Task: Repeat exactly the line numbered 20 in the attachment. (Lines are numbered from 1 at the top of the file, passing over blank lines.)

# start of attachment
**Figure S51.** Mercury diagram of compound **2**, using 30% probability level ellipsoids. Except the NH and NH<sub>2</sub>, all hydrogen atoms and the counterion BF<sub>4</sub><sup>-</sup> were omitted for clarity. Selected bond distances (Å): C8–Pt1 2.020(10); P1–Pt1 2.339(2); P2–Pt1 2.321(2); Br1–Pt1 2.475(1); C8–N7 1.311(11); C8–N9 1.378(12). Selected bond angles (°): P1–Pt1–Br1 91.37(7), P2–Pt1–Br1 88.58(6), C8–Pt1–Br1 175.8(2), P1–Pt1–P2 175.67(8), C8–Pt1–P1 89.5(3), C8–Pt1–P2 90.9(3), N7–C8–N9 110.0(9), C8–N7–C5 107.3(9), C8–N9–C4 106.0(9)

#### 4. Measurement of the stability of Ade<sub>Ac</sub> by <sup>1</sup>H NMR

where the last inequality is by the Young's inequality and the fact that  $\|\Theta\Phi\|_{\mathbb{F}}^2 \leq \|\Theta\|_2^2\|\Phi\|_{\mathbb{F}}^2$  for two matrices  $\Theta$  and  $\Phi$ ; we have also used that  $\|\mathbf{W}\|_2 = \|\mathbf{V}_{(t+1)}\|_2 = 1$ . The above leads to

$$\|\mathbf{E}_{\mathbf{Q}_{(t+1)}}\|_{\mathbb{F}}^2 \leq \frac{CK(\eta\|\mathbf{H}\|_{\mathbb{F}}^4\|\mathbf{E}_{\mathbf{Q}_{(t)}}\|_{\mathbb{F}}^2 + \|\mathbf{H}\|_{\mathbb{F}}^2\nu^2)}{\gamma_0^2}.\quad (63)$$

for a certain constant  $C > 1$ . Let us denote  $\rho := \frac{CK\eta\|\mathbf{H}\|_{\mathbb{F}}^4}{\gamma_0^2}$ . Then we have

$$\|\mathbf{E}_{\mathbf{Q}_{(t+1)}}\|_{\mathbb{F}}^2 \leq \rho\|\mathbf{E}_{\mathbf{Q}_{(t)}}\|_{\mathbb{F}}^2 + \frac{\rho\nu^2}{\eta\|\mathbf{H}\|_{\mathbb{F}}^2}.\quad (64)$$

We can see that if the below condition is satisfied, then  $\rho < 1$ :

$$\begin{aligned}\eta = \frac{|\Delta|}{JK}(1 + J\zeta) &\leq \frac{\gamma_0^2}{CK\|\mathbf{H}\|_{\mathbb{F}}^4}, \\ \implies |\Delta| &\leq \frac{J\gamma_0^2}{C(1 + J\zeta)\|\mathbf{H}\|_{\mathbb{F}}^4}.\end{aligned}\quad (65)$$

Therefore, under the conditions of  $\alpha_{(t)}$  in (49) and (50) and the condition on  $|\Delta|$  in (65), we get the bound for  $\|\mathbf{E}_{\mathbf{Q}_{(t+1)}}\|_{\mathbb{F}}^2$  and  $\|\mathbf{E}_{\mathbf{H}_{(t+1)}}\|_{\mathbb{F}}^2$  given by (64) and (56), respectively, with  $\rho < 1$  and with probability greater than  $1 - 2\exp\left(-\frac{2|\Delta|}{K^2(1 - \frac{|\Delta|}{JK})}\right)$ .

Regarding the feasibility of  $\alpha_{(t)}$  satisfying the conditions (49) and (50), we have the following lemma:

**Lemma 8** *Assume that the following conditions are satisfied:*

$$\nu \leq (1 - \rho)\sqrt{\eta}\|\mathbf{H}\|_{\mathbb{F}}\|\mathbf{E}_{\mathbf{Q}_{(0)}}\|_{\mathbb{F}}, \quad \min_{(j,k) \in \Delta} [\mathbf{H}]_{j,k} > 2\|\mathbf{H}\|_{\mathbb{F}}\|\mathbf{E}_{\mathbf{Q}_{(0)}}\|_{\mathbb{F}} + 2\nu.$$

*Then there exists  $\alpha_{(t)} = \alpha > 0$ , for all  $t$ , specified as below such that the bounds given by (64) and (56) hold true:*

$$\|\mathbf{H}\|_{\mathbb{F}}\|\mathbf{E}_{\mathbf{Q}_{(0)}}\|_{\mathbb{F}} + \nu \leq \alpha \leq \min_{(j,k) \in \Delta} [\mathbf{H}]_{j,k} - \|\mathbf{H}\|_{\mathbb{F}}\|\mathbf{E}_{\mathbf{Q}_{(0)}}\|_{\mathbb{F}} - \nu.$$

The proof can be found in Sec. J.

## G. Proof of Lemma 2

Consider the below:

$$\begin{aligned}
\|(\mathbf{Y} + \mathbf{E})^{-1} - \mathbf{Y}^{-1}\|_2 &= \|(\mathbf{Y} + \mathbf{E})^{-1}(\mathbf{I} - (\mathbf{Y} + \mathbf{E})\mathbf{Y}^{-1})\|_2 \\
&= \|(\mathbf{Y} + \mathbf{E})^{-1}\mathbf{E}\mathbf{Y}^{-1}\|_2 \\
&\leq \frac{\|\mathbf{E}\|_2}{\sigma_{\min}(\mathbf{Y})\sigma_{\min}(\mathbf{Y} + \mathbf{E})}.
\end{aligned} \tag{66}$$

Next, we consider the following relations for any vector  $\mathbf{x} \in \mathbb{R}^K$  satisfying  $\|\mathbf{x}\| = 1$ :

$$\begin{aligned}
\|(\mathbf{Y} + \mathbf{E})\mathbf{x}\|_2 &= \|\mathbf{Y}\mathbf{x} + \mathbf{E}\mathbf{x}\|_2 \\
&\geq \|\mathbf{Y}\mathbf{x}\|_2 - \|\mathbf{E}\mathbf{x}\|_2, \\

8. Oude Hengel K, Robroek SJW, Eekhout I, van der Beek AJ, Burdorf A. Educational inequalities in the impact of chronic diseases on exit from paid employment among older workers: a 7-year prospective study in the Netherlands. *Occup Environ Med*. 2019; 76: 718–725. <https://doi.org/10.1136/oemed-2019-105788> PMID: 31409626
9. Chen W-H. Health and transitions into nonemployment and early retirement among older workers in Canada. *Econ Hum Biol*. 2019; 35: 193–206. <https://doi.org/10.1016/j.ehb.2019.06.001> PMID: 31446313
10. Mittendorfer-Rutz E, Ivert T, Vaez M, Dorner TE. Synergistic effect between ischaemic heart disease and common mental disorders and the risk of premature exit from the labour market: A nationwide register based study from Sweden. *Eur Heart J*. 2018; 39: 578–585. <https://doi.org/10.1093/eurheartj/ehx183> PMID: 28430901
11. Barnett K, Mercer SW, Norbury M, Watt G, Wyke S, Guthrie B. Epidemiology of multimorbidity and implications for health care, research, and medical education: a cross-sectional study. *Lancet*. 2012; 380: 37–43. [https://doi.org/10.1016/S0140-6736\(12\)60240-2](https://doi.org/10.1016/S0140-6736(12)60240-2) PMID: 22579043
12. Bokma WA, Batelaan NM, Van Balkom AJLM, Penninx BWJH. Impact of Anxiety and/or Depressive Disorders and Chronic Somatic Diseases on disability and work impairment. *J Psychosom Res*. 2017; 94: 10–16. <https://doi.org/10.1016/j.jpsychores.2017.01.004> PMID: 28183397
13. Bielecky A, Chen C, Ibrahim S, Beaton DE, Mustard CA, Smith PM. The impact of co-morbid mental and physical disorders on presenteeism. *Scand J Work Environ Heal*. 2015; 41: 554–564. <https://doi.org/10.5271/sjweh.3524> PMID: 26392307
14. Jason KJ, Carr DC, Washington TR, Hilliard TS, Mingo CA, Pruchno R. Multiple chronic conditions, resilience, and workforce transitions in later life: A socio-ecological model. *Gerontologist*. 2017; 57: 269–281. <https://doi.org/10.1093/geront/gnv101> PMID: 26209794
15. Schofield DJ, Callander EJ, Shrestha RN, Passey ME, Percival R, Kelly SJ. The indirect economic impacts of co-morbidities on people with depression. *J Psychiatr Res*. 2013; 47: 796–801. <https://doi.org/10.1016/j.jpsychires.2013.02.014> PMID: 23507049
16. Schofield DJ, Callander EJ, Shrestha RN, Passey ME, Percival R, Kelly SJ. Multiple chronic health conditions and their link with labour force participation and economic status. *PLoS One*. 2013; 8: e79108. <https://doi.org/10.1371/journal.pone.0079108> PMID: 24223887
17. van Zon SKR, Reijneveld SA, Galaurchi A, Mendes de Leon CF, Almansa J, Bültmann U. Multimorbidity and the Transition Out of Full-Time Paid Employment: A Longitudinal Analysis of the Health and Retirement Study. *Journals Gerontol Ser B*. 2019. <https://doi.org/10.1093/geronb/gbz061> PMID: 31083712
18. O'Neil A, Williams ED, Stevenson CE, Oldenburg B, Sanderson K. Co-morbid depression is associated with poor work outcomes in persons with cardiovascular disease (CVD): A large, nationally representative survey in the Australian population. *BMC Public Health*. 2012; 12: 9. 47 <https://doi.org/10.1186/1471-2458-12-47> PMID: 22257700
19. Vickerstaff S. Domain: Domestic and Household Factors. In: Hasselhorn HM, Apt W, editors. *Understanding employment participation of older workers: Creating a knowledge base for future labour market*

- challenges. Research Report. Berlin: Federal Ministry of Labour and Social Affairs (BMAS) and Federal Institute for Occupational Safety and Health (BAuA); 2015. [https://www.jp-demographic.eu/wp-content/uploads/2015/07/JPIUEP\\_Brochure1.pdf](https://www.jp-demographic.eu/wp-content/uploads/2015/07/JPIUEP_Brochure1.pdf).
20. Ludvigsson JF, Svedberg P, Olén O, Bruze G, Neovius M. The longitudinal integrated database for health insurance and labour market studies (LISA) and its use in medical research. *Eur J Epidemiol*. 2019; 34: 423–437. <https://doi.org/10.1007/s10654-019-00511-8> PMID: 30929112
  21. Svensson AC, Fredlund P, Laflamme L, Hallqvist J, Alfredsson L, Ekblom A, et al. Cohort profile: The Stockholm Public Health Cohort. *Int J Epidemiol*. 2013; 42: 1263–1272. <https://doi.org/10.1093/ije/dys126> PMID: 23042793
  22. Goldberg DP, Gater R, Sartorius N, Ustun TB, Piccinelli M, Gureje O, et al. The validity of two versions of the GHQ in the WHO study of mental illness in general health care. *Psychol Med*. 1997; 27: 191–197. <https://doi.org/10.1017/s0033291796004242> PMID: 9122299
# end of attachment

&= \|(\mathbf{Y} + \mathbf{E})^{-1}\mathbf{E}\mathbf{Y}^{-1}\|_2 \\